When Arlyn Berman joined Hadassah in Monroe, N.Y., more than 30 years ago, she never imagined that the hospital she was supporting would one day save her life.
The New York nurse and life member understood the importance of Hadassah and volunteering. She attended the chapter’s annual donor luncheon, raised funds and wrote the chapter newsletter.
After Arlyn was widowed, she decided to join her son Hal, daughter-in-law Gayle, also a life member, and her grandchildren, who were all living in Israel. She loved living with them in Efrat, and she enjoyed their holiday celebrations and the music that fills their home. She kept in touch with her Monroe Hadassah friends and others by sending Hadassah cards.
Her life was idyllic until COVID-19 struck.
Before Rosh Hashanah, Hal's accountant contracted the coronavirus and called to tell his clients. Then Hal felt sick. Gayle was also infected but had a light case. Arlyn, 84, was, not surprisingly, the sickest.
“I took care of her at home until I couldn't anymore,” said Gayle, who is an opera singer and voice coach.
On Saturday night, October 4, Hal called an ambulance for his mother. The driver told them they were going to Hadassah Hospital Ein Kerem, “the only place,” he said, “still willing to take all patients no matter how sick.”
Hal went with his mom but wasn't allowed to go up to the secluded Outbreak Units in the Round Building at night. With the evening's intake, they were up to some 150 patients.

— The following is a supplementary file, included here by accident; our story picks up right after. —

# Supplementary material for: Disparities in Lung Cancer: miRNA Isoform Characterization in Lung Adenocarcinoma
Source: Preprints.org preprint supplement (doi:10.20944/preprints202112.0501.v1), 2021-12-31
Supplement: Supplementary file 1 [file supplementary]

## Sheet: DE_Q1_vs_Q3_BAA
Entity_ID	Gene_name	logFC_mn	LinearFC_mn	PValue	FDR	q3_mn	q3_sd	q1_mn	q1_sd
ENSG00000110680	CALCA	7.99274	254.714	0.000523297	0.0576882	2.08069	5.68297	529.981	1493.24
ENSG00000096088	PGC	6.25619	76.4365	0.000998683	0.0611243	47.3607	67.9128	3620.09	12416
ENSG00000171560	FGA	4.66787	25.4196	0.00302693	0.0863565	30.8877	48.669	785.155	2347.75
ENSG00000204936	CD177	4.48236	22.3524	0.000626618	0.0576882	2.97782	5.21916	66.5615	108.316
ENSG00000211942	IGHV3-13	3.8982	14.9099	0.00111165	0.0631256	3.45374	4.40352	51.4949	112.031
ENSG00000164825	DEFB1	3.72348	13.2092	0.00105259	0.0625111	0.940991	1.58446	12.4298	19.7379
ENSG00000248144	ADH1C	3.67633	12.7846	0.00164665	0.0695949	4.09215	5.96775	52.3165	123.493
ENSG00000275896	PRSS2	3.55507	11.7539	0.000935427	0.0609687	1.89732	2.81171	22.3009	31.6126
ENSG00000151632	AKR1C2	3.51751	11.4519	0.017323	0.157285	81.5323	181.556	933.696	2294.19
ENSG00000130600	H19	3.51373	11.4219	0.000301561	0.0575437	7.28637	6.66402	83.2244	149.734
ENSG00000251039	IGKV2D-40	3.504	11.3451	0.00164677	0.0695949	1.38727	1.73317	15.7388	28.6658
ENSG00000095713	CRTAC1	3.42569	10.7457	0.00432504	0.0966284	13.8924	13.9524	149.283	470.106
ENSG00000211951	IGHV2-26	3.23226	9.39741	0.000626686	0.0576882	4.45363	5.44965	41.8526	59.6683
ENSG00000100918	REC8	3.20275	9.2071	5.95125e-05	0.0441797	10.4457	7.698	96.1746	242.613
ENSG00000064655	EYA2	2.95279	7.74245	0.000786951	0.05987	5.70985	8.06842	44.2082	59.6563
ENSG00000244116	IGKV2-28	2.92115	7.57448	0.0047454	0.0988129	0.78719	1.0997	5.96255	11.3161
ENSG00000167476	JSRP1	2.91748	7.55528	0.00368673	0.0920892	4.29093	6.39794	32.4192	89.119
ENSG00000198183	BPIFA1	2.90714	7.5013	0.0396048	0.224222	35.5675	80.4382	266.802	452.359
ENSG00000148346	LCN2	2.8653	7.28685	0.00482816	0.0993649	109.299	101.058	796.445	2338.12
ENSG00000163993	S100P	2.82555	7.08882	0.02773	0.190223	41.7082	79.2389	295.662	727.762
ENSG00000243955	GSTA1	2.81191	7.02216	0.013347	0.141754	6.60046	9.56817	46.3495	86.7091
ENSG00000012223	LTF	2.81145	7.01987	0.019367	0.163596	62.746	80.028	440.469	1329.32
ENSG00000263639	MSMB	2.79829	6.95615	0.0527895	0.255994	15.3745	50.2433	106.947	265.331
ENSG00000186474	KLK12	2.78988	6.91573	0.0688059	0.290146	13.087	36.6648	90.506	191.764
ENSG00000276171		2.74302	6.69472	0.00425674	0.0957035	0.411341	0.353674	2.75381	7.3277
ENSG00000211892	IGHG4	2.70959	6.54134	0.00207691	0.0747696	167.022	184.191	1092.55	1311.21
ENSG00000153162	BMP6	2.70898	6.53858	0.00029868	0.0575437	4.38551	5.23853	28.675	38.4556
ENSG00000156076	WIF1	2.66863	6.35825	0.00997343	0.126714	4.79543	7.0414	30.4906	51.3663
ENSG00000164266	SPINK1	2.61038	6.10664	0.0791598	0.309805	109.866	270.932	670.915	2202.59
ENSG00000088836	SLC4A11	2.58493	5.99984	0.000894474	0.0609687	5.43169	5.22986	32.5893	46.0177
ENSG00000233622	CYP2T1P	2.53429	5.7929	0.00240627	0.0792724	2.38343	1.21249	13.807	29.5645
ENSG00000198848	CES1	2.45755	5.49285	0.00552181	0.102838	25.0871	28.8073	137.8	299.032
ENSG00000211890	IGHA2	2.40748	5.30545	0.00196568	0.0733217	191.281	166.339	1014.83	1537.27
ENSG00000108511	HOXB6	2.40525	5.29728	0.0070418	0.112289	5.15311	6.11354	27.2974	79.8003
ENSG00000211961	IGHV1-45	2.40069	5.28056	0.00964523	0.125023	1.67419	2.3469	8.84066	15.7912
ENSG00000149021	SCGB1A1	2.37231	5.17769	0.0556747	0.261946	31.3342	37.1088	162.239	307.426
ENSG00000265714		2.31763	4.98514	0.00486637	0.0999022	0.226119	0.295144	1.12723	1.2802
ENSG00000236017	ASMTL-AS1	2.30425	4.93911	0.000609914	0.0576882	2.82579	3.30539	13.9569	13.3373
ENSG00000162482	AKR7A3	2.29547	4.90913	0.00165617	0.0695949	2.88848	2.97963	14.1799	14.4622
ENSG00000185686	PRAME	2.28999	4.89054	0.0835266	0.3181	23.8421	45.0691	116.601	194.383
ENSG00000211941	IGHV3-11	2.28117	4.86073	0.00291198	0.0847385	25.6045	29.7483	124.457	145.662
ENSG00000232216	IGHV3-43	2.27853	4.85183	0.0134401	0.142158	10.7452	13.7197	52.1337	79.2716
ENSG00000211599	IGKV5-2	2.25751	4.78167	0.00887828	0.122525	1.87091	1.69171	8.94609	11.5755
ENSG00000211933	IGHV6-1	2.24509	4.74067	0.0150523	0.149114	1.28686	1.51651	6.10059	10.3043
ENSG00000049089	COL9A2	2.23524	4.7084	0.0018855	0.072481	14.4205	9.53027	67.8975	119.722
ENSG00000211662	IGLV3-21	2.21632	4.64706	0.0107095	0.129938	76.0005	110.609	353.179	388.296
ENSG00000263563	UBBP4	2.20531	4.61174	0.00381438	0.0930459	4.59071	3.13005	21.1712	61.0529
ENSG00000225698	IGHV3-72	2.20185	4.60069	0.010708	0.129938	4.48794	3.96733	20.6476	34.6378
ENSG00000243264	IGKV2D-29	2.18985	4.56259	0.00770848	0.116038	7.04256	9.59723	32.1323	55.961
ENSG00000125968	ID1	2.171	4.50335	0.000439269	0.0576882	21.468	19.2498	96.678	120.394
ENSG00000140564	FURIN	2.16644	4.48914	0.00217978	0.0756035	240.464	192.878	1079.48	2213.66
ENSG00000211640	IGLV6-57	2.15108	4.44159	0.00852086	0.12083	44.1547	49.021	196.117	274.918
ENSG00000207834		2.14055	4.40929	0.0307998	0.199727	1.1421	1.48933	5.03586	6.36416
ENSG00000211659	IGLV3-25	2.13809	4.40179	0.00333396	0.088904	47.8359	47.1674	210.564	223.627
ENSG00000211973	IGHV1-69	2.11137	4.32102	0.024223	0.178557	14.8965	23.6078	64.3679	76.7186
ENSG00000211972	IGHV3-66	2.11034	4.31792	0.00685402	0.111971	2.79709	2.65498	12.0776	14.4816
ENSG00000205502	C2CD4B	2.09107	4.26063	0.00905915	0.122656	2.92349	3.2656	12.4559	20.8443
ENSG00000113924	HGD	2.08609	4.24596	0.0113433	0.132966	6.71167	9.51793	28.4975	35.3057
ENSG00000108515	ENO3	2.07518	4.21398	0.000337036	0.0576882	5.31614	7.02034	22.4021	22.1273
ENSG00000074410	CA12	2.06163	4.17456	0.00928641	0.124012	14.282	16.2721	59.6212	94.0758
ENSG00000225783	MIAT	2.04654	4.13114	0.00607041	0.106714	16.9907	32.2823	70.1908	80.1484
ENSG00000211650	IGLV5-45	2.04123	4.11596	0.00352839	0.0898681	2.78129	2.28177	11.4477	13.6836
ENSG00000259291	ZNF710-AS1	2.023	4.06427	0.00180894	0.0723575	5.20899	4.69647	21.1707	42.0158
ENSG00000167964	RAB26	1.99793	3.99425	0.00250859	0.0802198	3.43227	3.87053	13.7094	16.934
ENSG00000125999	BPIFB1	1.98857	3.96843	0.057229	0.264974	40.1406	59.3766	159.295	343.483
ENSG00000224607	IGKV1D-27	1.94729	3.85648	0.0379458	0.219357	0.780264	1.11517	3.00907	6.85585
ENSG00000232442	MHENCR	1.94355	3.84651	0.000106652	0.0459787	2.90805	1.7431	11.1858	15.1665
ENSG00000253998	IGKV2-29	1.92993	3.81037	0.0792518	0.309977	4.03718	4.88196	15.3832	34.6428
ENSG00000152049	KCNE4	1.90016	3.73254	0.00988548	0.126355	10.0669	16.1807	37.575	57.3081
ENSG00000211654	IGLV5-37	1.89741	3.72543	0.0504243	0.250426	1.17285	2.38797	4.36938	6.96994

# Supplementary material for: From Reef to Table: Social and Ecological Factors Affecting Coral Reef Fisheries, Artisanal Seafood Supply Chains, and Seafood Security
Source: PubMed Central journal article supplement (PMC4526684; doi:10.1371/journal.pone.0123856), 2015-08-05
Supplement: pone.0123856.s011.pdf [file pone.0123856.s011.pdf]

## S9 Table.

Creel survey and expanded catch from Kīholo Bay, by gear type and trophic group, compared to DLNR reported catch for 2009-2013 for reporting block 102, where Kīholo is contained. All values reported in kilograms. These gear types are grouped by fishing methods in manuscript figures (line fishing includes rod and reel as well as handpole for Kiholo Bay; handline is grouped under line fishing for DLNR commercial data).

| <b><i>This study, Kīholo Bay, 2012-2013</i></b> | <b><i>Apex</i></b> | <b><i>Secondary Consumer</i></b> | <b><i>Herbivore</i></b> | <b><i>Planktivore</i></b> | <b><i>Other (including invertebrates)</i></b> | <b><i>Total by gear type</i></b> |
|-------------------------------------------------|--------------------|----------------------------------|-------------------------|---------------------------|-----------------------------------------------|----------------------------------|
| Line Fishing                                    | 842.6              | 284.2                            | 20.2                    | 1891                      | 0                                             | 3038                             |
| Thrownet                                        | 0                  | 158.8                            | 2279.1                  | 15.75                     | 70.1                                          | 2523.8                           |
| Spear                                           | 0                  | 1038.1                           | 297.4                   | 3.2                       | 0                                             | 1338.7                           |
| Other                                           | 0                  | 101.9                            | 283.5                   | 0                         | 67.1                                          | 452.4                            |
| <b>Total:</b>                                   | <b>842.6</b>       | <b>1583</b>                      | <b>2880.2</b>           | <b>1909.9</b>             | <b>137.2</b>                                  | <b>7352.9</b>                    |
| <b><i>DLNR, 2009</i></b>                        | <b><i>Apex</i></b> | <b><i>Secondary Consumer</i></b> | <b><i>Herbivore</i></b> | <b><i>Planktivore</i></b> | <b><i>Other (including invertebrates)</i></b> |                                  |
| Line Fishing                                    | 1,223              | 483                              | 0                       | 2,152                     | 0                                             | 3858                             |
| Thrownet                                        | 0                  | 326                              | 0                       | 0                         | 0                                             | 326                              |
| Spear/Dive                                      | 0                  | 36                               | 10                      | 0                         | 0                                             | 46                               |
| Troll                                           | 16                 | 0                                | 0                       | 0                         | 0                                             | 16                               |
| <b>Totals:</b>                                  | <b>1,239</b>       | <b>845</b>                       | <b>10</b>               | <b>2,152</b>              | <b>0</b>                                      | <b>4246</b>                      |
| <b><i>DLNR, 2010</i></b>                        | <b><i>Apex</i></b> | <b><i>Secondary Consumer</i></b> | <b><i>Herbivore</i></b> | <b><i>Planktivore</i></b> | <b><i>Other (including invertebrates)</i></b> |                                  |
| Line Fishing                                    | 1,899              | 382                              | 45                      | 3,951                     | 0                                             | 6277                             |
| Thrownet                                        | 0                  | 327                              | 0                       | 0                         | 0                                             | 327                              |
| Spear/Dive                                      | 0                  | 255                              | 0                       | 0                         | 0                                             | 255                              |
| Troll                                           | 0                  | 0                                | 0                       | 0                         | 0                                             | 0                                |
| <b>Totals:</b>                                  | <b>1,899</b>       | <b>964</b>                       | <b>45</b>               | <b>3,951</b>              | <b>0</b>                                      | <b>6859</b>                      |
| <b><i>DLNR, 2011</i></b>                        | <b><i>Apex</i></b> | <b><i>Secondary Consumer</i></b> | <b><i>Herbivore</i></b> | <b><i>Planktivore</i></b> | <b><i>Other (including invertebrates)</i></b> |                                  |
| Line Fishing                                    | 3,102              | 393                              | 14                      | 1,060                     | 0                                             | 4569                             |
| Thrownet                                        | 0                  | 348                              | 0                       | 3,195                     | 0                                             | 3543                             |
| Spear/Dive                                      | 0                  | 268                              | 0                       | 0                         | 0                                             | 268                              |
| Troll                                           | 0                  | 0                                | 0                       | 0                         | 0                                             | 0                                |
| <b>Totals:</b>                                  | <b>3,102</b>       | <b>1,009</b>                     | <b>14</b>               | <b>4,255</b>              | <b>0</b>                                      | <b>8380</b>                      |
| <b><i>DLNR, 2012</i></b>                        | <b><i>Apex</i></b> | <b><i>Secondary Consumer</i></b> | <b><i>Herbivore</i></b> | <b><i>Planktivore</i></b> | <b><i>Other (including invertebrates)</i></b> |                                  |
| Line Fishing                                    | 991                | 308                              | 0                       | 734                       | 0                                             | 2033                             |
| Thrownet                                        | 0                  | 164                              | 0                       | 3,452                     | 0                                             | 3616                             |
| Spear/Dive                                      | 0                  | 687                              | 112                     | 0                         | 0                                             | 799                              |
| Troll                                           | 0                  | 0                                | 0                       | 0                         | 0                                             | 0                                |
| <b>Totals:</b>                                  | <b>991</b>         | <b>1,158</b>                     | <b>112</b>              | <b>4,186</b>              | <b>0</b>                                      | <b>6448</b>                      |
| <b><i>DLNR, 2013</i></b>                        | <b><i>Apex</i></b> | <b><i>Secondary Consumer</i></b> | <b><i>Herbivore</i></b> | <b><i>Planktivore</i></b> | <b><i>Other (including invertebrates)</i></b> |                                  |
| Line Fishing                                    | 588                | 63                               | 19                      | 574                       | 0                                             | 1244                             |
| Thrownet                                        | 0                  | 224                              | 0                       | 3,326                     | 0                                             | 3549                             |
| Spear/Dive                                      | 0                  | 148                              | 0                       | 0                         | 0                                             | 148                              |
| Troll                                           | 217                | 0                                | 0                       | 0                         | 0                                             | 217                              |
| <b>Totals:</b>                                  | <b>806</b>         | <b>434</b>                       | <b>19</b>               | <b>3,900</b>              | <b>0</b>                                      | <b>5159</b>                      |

“It was scary and upsetting to say goodbye and part from my mom, not knowing which way this was going,” said Hal, a former director of the Western Massachusetts Jewish Federation in Springfield, Mass. He was relieved when the next morning, the family received the first of their daily calls updating them on Arlyn's condition, checking on her usual medications, apprising them of any changes. To their surprise, they were invited to visit. Hal and grandson Micha were suited up in layers of protective gear.
“We were delighted that she recognized us in our astronaut suits,” Hal reported. “We're so grateful that the staff would take the time to teach us how to get dressed and to supervise our taking off the suits, which we learned is the most dangerous part in terms of contagion.”
But now she's home in Efrat with her family celebrating Hanukkah.
“Their visit is one of the few moments I remember from my hospital stay,” Arlyn says. “I have no memory of the rest of my hospitalization. COVID-19 is such a strange and frightening virus. I even needed to learn to walk again. I always knew Hadassah was saving lives, but I never thought it would save mine. When I light candles I think of all the Hadassah miracles, including my personal one.”